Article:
Prostate Cancer

Prostate Cancer

What men need to know about prostate cancer?

Identify the risk factors and take steps to neutralise them

What is the prostate gland?

The prostate gland is a small male reproductive organ in men, located just below the bladder and in front of the rectum. The urethra (the tube carrying urine from the bladder) runs through the middle of the prostate to the penis, letting urine flow out of your body.

One of the main roles of the prostate is to produce the fluid that protects sperm. The muscles of the prostate also help to project seminal fluid into the urethra during ejaculation.

One component of prostate fluid, an enzyme called Prostate Specific Antigen (PSA), aids in the success of sperm by liquefying semen that has thickened after ejaculation. This thinning action allows sperm to swim more freely. The prostate gland also filters and removes toxins that may surround sperm making sure that quality sperm is produced.

What is prostate cancer?

The cells in our body each have a specific role to play. Normal cells divide in an orderly way and die when they are worn out, or damaged, and new cells take their place. Cancer occurs when the cells start to grow in an uncontrolled manner. These cells continue growing and manufacturing new cells just like themselves and grow into a lump, or tumour.

There are two types of tumours: noncancerous (benign) and cancerous (malignant). Benign tumours don’t generally spread to other parts of the body and are not usually life-threatening. Cancerous tumours can attack nearby cells and destroy them.

Prostate cancer occurs when abnormal cells start to grow in the prostate. These cells grow more quickly than normal ones in the uncontrolled way described above – becoming what’s known as ‘rogue’ cells. During this process, they crowd out normal, healthy cells.

Almost all prostate cancers are adenocarcinomas. These cancers develop from the gland cells (the cells that make the prostate fluid that is added to the semen). Other types of prostate cancer include sarcomas, small cell carcinoma, neuroendocrine tumors and transitional cell carcinomas, but these are less common.

Who is affected by prostate cancer?

According to the Prostate Cancer Foundation, men who develop prostate cancer are mostly over the age of 65. It rarely occurs in men younger than 55. About one in 13 men will develop prostate cancer before the age of 75. In very elderly men, prostate cancer often grows very slowly and may cause no symptoms.

Prostate cancer is one of the most common cancers found in men, alongside skin cancer. If found early enough, it is often treatable.

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4 main risk factors for prostate cancer

  1. Age. The biggest risk factor for prostate cancer is age. It is usually found in men over the age of 55, and the risks of contracting prostate cancer increase the older a man becomes. It fairly rarely affects men under the age of 55 and older men may be unaware they have prostate cancer because it can be slow growing.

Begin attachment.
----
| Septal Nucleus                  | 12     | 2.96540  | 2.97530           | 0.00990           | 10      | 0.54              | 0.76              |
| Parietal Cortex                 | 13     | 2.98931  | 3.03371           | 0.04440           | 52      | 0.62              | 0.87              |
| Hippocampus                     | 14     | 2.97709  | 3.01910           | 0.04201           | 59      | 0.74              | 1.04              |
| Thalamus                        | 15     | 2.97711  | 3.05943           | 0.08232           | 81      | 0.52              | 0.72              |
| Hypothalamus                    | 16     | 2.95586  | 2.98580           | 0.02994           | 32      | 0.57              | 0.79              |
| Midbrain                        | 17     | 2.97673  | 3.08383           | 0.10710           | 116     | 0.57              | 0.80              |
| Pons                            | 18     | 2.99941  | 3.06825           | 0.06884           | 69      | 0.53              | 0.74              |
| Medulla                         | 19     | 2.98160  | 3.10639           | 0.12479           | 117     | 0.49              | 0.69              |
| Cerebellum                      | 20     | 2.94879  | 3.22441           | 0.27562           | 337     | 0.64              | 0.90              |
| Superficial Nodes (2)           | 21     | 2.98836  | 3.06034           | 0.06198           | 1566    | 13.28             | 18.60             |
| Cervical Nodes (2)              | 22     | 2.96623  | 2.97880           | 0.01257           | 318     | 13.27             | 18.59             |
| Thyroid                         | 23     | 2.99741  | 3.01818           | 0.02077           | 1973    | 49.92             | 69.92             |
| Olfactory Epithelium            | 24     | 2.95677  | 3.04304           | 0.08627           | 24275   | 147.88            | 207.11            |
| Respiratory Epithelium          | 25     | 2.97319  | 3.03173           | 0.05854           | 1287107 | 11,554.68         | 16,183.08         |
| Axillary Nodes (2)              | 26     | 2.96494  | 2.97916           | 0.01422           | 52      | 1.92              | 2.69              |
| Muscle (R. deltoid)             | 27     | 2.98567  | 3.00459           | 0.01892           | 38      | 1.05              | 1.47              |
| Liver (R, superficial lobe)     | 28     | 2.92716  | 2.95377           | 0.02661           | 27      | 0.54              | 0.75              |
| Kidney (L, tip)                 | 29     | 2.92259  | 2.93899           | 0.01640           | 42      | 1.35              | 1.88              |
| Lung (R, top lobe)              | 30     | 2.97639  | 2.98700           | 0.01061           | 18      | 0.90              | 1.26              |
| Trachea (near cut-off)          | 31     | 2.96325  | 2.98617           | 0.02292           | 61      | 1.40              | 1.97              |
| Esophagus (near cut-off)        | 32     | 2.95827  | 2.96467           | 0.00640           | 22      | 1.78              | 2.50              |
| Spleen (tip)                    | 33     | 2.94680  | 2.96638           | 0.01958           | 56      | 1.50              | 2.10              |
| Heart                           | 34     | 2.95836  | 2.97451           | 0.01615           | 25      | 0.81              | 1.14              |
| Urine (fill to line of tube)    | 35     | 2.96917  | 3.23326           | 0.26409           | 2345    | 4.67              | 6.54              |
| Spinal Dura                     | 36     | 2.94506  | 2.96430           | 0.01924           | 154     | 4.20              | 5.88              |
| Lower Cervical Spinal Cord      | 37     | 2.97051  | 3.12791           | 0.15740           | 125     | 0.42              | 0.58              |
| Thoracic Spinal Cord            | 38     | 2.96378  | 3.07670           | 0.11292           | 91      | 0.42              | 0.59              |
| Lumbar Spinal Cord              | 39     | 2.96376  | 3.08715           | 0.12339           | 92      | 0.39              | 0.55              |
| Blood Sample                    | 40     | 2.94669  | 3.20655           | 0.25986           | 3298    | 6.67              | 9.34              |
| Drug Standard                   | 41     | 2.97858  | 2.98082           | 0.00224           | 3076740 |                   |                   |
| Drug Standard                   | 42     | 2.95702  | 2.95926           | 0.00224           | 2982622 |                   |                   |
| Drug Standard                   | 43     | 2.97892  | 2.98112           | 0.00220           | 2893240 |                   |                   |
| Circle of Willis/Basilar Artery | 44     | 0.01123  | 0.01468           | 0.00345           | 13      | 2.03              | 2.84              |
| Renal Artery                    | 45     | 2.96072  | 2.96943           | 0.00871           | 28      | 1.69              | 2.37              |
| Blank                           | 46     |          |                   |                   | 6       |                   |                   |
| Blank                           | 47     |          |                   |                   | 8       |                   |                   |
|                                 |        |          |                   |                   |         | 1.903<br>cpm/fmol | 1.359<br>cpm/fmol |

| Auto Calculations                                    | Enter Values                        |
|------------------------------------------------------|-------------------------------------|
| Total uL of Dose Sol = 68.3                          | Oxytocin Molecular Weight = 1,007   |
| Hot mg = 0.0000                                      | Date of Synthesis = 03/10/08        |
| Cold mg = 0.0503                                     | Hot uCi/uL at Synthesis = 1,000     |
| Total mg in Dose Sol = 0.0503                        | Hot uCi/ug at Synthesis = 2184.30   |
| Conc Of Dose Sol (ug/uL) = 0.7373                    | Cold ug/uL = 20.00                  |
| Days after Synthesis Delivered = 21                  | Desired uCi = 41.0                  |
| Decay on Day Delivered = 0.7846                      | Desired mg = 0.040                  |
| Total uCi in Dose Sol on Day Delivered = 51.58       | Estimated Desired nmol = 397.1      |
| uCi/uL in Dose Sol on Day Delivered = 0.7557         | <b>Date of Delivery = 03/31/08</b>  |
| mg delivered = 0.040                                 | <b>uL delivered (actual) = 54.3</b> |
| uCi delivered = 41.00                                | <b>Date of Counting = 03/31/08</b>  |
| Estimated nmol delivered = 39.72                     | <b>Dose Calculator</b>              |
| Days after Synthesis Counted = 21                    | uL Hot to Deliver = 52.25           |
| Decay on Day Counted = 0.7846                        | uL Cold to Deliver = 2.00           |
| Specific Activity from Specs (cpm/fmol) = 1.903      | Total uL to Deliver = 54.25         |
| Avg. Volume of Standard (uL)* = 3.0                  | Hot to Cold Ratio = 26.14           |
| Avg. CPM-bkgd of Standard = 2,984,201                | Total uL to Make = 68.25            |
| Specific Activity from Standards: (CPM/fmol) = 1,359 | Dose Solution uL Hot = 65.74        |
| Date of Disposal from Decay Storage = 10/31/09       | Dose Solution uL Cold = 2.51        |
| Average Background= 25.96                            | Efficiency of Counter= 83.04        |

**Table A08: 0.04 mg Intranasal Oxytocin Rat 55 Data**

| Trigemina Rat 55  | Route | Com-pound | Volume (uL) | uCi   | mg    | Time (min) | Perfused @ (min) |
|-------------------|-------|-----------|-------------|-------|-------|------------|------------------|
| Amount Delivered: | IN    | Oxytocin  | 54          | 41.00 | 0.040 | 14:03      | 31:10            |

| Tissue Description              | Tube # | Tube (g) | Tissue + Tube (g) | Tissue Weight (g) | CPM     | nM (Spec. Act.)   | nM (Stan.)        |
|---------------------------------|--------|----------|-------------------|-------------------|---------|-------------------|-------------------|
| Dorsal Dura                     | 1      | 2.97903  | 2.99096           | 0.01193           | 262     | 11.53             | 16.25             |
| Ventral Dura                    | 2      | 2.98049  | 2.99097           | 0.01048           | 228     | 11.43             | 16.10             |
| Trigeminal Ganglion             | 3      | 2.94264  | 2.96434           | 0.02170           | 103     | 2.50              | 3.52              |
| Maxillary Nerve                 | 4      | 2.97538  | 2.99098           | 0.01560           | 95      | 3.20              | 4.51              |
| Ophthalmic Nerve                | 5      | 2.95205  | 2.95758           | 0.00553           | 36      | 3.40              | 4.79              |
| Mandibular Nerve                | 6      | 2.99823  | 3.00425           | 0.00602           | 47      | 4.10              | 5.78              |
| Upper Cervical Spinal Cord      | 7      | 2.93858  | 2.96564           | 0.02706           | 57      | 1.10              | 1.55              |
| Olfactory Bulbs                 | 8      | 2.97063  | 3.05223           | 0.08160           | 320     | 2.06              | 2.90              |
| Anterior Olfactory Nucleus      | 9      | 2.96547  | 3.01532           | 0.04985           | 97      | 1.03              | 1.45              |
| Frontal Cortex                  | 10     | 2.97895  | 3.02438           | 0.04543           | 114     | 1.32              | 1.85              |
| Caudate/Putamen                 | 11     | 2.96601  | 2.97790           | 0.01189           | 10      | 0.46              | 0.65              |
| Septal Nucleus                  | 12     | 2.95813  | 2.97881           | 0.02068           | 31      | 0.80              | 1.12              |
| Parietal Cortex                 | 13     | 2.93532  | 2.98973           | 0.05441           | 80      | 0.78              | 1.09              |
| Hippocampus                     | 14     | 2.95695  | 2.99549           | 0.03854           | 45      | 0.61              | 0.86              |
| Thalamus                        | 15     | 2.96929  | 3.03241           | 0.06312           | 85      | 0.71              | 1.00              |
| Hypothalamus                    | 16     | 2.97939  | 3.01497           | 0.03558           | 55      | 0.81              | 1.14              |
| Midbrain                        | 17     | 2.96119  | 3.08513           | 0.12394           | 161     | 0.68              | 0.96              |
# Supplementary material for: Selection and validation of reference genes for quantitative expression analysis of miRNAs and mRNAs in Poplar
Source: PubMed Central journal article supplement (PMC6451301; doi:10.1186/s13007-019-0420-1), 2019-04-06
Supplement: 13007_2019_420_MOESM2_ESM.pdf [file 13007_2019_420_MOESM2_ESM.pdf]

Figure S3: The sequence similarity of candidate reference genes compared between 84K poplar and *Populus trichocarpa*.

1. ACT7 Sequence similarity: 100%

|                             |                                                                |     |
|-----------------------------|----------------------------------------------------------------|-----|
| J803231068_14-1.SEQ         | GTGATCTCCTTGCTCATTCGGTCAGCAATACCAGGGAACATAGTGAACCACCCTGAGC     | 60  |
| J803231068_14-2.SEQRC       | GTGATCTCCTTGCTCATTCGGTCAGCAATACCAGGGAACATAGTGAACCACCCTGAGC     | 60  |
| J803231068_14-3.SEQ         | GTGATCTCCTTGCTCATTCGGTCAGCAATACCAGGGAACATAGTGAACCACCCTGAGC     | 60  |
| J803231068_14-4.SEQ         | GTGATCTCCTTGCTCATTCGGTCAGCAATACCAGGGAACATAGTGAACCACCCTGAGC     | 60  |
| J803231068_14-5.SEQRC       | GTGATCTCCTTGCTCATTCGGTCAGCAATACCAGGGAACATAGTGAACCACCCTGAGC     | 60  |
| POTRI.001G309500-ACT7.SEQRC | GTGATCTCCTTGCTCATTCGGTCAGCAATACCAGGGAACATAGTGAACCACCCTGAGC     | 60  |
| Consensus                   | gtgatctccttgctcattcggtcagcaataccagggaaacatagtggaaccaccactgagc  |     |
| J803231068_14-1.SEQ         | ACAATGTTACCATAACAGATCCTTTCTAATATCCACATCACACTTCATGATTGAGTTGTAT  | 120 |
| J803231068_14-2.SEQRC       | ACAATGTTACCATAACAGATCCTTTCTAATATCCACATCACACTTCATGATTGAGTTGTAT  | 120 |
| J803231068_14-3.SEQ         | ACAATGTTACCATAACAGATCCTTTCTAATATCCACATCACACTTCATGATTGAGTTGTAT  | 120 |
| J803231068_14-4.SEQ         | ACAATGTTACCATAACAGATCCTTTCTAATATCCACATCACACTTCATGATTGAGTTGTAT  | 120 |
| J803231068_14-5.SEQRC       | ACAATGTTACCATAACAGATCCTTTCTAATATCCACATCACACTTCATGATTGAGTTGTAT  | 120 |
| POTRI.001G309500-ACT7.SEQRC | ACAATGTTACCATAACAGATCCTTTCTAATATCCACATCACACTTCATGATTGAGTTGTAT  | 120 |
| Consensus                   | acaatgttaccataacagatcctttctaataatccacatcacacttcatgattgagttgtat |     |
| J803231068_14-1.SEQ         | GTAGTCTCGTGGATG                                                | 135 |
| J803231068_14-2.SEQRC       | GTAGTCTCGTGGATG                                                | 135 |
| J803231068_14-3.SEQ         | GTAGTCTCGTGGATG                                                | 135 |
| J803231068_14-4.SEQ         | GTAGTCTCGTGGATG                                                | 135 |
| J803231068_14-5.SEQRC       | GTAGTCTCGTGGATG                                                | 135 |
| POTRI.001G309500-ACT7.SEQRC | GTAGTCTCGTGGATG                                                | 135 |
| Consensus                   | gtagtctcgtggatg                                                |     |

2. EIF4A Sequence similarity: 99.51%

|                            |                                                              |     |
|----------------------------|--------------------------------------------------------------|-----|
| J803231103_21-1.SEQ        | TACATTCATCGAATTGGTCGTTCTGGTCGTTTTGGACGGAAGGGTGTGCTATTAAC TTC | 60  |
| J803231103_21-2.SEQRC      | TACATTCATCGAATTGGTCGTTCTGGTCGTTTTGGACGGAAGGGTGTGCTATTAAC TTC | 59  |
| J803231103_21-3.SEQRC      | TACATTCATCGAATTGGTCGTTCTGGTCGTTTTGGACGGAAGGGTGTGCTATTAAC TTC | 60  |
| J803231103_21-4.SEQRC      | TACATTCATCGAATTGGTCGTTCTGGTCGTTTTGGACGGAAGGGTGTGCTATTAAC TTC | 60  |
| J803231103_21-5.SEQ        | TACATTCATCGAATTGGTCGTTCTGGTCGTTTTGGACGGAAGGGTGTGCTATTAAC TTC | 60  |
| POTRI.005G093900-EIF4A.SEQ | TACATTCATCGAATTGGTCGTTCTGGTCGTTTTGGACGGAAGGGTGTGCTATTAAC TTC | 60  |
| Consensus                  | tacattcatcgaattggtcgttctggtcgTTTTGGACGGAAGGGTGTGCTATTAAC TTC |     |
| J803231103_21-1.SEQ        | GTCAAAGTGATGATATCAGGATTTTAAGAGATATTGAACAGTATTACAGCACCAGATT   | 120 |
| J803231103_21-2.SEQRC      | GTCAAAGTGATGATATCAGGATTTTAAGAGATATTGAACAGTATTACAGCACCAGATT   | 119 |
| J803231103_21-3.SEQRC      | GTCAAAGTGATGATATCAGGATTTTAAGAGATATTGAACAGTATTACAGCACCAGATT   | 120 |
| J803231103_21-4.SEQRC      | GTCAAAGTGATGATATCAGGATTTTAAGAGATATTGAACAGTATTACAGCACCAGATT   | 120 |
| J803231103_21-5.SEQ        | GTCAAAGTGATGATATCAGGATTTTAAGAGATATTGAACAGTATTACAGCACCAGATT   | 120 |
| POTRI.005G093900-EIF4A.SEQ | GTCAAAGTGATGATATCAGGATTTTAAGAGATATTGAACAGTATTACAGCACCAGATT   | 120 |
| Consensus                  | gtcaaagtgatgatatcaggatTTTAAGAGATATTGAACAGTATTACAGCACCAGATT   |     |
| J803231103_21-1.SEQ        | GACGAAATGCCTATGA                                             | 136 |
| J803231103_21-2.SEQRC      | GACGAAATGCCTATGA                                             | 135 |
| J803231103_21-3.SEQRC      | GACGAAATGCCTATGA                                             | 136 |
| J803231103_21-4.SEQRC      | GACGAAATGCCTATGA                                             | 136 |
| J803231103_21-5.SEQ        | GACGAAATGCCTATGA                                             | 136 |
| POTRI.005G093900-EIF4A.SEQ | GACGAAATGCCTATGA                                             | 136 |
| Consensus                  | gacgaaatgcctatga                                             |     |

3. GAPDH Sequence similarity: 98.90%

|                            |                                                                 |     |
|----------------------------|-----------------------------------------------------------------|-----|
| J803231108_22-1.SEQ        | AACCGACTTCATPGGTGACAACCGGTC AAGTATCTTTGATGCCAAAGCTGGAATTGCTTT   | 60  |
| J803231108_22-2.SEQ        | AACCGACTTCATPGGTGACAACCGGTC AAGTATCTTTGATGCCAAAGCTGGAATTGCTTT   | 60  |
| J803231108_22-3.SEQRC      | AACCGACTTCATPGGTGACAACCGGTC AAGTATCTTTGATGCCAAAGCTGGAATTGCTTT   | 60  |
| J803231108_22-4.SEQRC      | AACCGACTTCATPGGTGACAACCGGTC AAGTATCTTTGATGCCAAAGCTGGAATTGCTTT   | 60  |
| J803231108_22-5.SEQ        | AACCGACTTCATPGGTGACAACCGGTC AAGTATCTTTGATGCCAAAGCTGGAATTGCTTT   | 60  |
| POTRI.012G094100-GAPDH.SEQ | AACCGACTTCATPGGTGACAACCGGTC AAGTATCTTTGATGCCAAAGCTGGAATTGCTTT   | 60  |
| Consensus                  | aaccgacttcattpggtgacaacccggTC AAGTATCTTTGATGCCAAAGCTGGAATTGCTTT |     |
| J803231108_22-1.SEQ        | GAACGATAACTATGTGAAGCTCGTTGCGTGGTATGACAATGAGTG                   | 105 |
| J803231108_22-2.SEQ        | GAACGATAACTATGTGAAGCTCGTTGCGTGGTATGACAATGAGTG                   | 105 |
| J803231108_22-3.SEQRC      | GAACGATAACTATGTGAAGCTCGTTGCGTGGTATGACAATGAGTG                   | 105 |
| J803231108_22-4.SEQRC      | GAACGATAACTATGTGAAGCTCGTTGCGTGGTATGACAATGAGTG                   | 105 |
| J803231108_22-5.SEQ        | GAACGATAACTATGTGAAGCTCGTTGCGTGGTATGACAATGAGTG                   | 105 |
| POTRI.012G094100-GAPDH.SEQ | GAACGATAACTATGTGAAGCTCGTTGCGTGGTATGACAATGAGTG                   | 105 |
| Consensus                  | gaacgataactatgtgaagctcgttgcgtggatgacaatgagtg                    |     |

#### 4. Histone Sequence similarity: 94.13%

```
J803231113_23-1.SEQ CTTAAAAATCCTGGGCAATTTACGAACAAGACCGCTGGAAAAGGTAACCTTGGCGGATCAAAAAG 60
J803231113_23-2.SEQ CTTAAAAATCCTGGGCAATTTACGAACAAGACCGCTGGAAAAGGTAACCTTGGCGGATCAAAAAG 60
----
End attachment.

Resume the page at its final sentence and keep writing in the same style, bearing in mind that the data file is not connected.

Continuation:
2. Genetics and family history. Certain genetic and ethnic groups have an increased risk of prostate cancer. If you have a father or brother who has suffered from prostate cancer, your risk factor of contracting prostate cancer is higher.
  3. Location. Prostate cancer occurs most frequently in North America, northwestern Europe, on the Caribbean islands and in Australia. The reasons behind this aren’t clear.
  4. Diet. Studies suggest a diet that is high in red meat or high-fat dairy foods may increase a person’s chances of developing prostate cancer. However, this link is neither confirmed nor clear.

7 early signs of prostate cancer

Usually, prostate cancer symptoms do not appear in the early stages of the disease. The symptoms may differ for each affected man and each of them may be caused by other conditions. Because the urethra passes through the middle of the prostate gland, prostate cancer may first be evidenced by a variety of urinary difficulties including:

  1. Pain or burning during urination.
  2. A weak urine stream, or a stream that stops and starts.
  3. Increased frequency of urination at night.
  4. Loss of bladder control.
  5. Decreased urinary flow.
  6. Blood in the urine.
  7. Difficulty getting or maintaining an erection.

9 symptoms of prostate cancer

Prostate cancer may spread (metastasise) to nearby tissues or bones. If the cancer spreads to the spine, it may press on the spinal nerves. Other prostate cancer symptoms include:

  1. Blood in the semen.
  2. Difficulty getting an erection (erectile dysfunction).
  3. Painful ejaculation.
  4. Swelling in legs or pelvic area.
  5. Numbness or pain in the hips, legs or feet.
  6. Bone pain that doesn't go away, especially the lower back.
  7. Low impact bone fractures.
  8. Unexplained weight loss.
  9. Fatigue, or shortness of breath while doing activities previously well tolerated.

What are the causes of prostate cancer?

Just like other types of cancer, prostate cancer may have multiple causes. Most experts agree, however, that mutations in your genetic material play a significant role, leading to the growth of cancerous cells. These mutations can cause cells within the prostate to start growing in an uncontrolled and abnormal way.

These cells keep on growing and dividing until a tumour develops. The growth of cancer cells in the prostate can be stimulated by male hormones, especially testosterone.

With an aggressive prostate cancer, these cells may leave the original tumour site and spread to other parts of your body.

How is prostate cancer diagnosed?

In addition to a physical examination, many prostate cancers are first identified during screening with a prostate-specific antigen (PSA) blood test or a digital rectal exam (DRE). These are the two initial tests for prostate cancer and PSA testing combined with DRE can help identify prostate cancers at their earliest stages.